If U.S. Is Best, Why Aren't Americans Happier?

RICHARD REEVES

April 15, 1993|By RICHARD REEVES

Los Angeles. -- I am one of the generation of Americans who were urged to eat their vegetables by mothers saying, ''Think of the poor starving children in Europe.'' A child of the 1950s, I was surprised when I first saw Europe and there were no starving children in sight.

Years later, when I lived in Europe, I was astonished to find myself occasionally harboring the thought that perhaps people in France, Germany and Italy might actually live better than we do. That's almost treason for folks raised to declare that the ''pursuit of happiness'' was practically a constitutional right.

Jonathan Peterson of the Los Angeles Times apparently thought about that, too. He did something about it, collecting statistics and impressions to try to compare the quality of life in the United States with that in other developed countries.

Leaving aside certain oil-producing sheikdoms that hire Americans to fight their wars, he found that we are the richest people in the world -- on paper. The United States has the world's highest ratio of gross domestic product per capita.

The closest to us on that score are the Canadians and Germans. Each citizen of those countries earns or gets about 87 percent of what each American does. An American has to work only 20 minutes to buy a Big Mac and a large order of fries, which ties us with Switzerland for best in the world.

So we are ahead in the category Mr. Peterson defines as ''Wealth.'' We are also way ahead in ''Things.'' Almost 85 percent of U.S. households own microwave ovens and 69 percent have VCRs. (I realized right there that something is wrong with me. Our house has neither.) Only 67 percent of the Japanese, who make them, own VCRs.

But then Americans begin to fade. The Times defines happiness as a warm report card. The United States had the two As in ''Wealth'' and ''Things,'' but a D in ''Leisure Time,'' C-minus in ''Poverty'' and ''Sharing the Riches,'' C in ''Housing'' and ''Jobs for Everyone,'' C-plus in ''Health,'' B in ''Climbing the Ladder'' and B-plus in ''Satisfaction.''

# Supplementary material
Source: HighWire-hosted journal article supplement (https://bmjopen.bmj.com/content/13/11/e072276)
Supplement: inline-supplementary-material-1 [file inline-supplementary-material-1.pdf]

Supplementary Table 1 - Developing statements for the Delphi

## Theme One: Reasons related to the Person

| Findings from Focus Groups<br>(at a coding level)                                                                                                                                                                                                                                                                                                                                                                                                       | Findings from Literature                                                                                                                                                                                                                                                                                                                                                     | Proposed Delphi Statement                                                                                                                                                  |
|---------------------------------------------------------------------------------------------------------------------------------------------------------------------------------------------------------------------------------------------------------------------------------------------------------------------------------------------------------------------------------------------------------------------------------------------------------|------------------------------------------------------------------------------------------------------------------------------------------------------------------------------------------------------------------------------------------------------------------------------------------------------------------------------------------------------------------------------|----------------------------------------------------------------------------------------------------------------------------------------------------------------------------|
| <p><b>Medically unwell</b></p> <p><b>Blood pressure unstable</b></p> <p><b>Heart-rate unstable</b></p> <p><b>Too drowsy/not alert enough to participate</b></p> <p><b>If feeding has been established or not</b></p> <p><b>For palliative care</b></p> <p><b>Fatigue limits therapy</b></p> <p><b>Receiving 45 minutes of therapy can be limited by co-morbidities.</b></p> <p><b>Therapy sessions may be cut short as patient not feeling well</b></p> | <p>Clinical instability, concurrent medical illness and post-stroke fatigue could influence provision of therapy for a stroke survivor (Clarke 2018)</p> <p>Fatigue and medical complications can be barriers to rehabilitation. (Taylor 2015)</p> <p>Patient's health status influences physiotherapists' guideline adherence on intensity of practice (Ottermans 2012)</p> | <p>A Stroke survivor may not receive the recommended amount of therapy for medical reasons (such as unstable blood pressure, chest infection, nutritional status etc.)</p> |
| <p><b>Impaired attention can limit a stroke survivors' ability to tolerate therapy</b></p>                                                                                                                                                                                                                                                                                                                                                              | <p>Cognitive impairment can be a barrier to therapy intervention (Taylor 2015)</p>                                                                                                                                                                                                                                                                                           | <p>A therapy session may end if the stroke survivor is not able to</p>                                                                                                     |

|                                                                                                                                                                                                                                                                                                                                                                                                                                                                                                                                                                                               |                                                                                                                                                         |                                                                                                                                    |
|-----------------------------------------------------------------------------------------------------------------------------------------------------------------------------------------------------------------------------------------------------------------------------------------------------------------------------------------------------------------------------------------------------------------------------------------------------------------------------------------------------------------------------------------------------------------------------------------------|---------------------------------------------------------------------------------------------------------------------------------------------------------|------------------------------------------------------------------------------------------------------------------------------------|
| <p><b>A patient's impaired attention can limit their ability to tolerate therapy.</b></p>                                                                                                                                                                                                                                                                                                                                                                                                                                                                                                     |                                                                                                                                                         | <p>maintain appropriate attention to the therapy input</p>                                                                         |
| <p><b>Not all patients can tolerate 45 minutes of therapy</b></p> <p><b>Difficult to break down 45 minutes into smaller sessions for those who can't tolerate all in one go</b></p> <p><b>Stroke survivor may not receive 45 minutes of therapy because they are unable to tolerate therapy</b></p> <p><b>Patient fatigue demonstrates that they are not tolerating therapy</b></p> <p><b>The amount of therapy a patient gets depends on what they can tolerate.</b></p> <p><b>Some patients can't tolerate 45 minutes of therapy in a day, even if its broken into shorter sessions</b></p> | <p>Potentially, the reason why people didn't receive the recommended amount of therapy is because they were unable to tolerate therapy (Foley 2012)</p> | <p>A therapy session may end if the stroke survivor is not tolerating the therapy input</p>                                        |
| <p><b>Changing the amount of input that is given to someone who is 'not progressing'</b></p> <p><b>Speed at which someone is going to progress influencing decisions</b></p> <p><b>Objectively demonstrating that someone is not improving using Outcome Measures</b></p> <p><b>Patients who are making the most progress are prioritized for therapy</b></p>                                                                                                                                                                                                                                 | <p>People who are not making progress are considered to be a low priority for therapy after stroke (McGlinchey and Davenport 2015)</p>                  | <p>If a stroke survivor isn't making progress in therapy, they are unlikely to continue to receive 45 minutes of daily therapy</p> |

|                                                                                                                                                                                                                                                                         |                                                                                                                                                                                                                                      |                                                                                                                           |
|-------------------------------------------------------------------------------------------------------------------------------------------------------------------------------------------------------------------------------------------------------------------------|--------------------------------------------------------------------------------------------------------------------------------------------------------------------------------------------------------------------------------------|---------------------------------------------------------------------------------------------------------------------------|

''Leisure Time'' is the first category you notice when you live abroad because most people have more time off work than we do. The average American gets 20 paid holidays a year (including vacation). The average German gets 40. Going down the list, Belgians get 38.5, Austrians and Spaniards get 38, the French get 36.5, Swedes get 36 and Greeks get 35.

Rich as we are, we share very little. You may have noticed the people sleeping on the streets. That has something to do with the fact that half of all the after-tax earnings in the United States go to the top 1 percent of us.

Or perhaps you can relate to this statistic: American chief executives make 160 times as much as the average pay of their employees. In Japan, that figure is only 16.

The housing mark seems too low to me, but perhaps that is because U.S. home-buying patterns are so skewed by prices in the better neighborhoods of major cities that are out of the reach of all but the wealthiest Americans. On average, an American can buy a home with four years' wages, compared with six years in Japan.

I was shocked, too, by the ''Climbing the Ladder'' rating. Opportunity, after all, is what we are about. But it seems now that our numbers are dropping compared with other societies. Though more Americans are on their way up, more are also on the way down in these down-sizing days.

Health, of course, is our big pain. Americans spend 13.4 percent of earnings for health care, compared with about 8.5 percent of the citizens of other developed nations. And, with all of that, our life expectancy is less than every other country mentioned here.

However, if you separate American whites and blacks, the whites have as long a life expectancy as anyone on earth. American blacks do not -- which tells you something else about life in the U.S.A. There is the same pattern in our infant mortality, which, overall, is higher (that is, worse) than almost every other developed country, including Ireland and Hong Kong.

So, are we happy? Pretty much: 73 percent of Americans say they are satisfied with their lives. That puts us eighth on the list, behind Iceland, Sweden, the Netherlands, Denmark, Northern Ireland, Norway and Ireland.

We are ahead of Japan in life satisfaction. The Japanese are ranked 21st. I guess you would expect that last ranking, because the Japanese work so hard and long. Like us.

Is it possible that there's more to life than money?

Richard Reeves is a syndicated columnist.

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